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Coaching tips for managers


ChecklistWhen an organisation has invested in developing managers to coach, how do you help them to stay on top of the game post-training? Phil Deer has developed this simple coaching checklist for managers.

What is coaching? My favourite author on the subject, Sir John Whitmore, defines it as “unlocking a person’s potential to maximise their own performance – helping them to learn rather than teaching them.”

Coaching goes beyond training or teaching in that it allows your colleagues to find their own solutions to their problems – and people are far more likely to accept an idea if they’ve come up with it themselves.

Here are my tips for effective coaching:

1. Choose your moment:
The next time someone comes to you for the answer to a problem, ask yourself “Do they know the answer already?” If they might, then this might be a chance to coach them. If you are busy and the issue is not immediately urgent, offer a time later in the day to discuss the situation.

2. Tasks and behaviours:
Coaching can be a powerful tool for both activity-based issues and behavioural change. With greater emphasis now on HOW we work as well as WHAT we do, this can help us all to work more effectively together.

3. Be naieve:
Very often, you will know the answer to their question. Put this to one side, and instead ask questions to get them to come up with their own ideas. An effective coach asks lots of ‘open-ended’ questions to get their colleague to explore the issue and potential solutions. Don’t be afraid to ask stupid questions.

4. Set clear goals:
Make sure you and your colleague both know what they are looking to get out of the conversation. “I want to be more organised” is not a clear goal – “I want to be able to submit my weekly report by 10am on a Tuesday” is.

5. Hand over the pen:
Managers are often tempted to take ownership of their teams’ problems. This can be quite tiring though, when you have eight team members all with their own issues. It’s their issue, so get them to take responsibility for solving it wherever possible.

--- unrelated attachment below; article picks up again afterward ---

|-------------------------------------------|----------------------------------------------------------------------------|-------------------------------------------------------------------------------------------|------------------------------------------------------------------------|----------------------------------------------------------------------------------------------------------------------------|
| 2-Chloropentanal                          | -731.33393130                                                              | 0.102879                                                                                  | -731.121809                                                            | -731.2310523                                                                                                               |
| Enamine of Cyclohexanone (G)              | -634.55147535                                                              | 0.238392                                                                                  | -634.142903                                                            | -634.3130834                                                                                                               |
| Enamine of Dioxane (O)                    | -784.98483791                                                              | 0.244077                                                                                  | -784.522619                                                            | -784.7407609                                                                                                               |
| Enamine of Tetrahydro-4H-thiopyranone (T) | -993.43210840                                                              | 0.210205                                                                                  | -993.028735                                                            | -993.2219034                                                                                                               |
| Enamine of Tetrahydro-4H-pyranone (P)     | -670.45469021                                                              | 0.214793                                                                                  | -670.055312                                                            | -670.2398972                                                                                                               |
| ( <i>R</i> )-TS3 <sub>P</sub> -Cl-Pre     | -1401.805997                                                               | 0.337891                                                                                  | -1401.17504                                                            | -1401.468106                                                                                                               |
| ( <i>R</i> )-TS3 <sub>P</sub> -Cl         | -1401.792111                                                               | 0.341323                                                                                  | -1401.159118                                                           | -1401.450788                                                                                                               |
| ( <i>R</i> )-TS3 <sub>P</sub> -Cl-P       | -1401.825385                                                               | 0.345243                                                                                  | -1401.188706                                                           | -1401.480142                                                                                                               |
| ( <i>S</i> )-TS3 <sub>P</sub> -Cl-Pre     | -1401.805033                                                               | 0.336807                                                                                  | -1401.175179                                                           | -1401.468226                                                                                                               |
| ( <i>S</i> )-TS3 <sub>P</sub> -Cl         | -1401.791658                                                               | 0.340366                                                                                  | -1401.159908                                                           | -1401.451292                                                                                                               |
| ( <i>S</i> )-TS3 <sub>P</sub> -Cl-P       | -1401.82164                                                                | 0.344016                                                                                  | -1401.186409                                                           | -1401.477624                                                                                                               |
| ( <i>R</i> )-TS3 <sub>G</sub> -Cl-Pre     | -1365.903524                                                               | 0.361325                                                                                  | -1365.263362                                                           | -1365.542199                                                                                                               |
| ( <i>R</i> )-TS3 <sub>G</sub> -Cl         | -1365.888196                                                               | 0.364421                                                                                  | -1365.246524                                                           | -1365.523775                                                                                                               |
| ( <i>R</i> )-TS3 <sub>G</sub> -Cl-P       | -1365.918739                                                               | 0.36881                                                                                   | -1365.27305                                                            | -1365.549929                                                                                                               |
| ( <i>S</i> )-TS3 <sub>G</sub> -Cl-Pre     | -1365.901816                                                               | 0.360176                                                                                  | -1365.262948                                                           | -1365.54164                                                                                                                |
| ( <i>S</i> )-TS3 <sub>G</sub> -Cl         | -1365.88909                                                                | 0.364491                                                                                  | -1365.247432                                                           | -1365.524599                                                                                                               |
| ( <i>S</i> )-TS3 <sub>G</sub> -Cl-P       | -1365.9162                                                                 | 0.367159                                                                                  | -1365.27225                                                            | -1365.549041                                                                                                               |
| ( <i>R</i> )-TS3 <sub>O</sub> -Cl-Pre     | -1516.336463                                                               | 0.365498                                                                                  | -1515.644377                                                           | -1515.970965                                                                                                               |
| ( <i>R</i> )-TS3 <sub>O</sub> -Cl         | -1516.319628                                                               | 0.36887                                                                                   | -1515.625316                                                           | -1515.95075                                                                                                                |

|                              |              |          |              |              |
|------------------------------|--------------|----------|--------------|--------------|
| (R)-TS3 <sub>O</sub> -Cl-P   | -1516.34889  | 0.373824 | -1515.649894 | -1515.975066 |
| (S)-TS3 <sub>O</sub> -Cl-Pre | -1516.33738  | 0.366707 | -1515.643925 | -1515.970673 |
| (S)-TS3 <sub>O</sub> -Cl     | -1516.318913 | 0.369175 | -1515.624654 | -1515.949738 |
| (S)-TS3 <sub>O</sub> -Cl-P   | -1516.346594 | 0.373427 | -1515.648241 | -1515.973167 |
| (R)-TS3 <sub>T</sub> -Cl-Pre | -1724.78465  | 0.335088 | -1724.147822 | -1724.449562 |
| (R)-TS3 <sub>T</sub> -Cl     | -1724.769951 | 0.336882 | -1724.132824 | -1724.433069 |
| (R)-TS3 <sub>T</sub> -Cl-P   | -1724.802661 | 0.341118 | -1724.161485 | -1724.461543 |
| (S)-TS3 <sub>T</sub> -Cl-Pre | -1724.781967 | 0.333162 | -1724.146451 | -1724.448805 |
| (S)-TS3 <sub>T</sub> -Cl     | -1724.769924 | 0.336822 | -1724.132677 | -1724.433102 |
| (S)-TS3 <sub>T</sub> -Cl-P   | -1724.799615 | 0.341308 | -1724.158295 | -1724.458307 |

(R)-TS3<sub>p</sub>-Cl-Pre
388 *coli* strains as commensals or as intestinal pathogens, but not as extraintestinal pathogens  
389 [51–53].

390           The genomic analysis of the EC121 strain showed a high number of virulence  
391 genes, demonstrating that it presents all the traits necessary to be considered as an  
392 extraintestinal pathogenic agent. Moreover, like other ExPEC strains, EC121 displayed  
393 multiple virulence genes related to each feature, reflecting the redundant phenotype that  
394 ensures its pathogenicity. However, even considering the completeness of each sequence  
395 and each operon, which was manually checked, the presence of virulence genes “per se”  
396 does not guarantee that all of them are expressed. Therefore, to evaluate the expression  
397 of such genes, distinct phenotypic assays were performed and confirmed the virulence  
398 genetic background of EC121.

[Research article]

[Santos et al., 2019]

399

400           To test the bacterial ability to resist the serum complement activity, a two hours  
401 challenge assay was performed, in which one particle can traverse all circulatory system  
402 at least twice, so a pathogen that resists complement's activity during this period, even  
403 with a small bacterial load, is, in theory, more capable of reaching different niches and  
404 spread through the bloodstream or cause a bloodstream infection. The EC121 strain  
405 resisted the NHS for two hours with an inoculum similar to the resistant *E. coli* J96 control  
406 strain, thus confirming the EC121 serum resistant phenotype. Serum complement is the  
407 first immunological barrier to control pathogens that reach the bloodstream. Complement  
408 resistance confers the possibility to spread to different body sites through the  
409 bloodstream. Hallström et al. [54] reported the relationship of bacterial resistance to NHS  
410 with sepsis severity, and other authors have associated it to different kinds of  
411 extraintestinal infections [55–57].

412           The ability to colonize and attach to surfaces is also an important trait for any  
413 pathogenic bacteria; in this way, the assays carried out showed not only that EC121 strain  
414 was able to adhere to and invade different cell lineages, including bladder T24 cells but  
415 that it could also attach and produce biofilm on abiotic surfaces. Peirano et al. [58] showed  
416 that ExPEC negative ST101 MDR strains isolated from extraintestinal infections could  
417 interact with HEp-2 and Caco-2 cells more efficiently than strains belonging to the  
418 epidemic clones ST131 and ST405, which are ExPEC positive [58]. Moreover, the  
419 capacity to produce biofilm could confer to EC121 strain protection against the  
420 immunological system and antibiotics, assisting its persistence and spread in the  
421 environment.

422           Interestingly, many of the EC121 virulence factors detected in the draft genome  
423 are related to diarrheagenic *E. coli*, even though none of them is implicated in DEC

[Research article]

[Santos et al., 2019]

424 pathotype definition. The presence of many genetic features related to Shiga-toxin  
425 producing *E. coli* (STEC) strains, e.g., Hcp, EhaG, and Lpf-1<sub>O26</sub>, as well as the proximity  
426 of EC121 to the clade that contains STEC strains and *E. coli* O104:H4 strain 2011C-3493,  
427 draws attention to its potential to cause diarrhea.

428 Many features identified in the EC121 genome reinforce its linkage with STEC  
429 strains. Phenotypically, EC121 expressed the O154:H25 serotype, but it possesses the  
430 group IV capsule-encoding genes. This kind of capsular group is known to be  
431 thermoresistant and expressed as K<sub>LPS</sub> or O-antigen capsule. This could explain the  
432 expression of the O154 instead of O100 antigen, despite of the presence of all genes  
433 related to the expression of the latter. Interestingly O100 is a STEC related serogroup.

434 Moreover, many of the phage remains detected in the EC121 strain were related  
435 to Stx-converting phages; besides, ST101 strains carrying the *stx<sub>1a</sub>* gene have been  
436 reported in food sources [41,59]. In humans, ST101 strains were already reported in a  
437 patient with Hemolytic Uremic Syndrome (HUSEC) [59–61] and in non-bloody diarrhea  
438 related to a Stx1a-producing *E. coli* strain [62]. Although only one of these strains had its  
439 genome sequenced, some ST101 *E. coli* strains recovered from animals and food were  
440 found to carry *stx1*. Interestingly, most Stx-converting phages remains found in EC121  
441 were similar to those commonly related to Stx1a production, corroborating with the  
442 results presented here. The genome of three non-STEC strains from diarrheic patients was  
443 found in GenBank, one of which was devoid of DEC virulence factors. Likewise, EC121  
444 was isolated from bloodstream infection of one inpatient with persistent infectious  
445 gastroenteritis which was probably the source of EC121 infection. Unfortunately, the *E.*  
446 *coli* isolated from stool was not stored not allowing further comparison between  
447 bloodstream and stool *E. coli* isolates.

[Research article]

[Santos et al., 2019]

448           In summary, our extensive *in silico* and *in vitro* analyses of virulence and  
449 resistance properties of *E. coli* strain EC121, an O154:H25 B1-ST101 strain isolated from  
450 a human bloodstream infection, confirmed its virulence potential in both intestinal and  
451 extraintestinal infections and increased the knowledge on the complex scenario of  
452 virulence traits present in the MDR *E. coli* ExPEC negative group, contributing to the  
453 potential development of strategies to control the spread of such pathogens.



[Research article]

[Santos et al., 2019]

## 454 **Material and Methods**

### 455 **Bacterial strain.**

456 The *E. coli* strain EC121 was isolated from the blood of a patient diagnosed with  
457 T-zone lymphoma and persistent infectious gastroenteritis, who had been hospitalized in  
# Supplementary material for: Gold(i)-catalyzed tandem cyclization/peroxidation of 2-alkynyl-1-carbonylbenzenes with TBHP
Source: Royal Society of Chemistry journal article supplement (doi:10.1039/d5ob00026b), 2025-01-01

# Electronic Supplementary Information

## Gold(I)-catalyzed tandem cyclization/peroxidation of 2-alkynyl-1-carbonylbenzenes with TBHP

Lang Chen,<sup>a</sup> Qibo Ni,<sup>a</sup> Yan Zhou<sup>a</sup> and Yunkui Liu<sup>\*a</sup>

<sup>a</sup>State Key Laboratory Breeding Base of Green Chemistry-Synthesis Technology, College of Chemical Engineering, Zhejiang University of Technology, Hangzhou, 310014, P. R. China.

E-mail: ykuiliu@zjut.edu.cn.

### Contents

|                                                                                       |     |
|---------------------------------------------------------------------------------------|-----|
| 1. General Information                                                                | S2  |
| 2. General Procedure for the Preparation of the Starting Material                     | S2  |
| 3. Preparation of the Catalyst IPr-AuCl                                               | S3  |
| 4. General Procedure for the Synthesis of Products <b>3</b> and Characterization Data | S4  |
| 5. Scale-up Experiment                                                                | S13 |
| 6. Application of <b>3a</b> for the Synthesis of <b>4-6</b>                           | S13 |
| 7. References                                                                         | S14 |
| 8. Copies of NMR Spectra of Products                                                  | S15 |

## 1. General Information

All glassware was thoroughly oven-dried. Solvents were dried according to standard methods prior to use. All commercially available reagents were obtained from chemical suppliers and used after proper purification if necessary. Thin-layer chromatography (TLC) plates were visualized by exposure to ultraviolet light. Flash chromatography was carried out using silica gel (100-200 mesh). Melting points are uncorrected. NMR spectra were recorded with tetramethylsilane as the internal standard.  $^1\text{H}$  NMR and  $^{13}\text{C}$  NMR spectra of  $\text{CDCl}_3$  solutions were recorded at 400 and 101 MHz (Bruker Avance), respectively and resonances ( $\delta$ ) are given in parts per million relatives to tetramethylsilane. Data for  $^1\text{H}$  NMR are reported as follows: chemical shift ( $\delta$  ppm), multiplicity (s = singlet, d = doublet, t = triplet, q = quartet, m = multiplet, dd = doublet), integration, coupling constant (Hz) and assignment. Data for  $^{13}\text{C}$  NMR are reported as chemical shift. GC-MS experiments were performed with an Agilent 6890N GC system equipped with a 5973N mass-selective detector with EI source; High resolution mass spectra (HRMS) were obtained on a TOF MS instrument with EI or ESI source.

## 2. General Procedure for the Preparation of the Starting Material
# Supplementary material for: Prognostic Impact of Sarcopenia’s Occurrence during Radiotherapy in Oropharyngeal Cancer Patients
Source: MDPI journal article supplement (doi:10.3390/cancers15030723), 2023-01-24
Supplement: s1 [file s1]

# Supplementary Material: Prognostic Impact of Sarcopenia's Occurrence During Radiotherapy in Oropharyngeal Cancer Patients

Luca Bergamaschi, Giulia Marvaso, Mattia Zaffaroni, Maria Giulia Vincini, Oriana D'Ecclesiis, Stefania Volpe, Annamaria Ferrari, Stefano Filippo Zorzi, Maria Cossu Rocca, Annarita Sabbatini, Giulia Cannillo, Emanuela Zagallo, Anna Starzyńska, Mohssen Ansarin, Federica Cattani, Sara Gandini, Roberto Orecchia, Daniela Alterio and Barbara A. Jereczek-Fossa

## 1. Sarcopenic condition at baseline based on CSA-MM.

6. Recognise the impact on you:
You might be the sort of person who feels good about solving people’s problems and so feel reluctant to let go of offering solutions. Recognising this is the first step to changing your coaching style.

7. Follow up
Checking back with your colleague is vital to ensuring that they have made the changes they are proposing. Set a date and time to discuss their experiences with the situation – and make sure that you stick to it.

8. Get feedback:
Ask your colleague how it was for them. What did they like? What could you have done differently? This will make you an even better coach next time.

9. Get support:
Brush up on the materials from any coaching skills courses that you may have attended in the past. Speak to your line manager, coach or mentor to run through how you might deal with a challenging situation (this will be a chance for them to coach you.)

10. Coaching is contagious:
Once you have a success in getting people to come up with their own solutions to problems, you will want to do it again. And again. Other people will see you doing it and will want to do the same. Your team will notice that you are giving them more freedom and responsibility. Your department will become more successful. Your organisation will become a better place to work. Need I say more?


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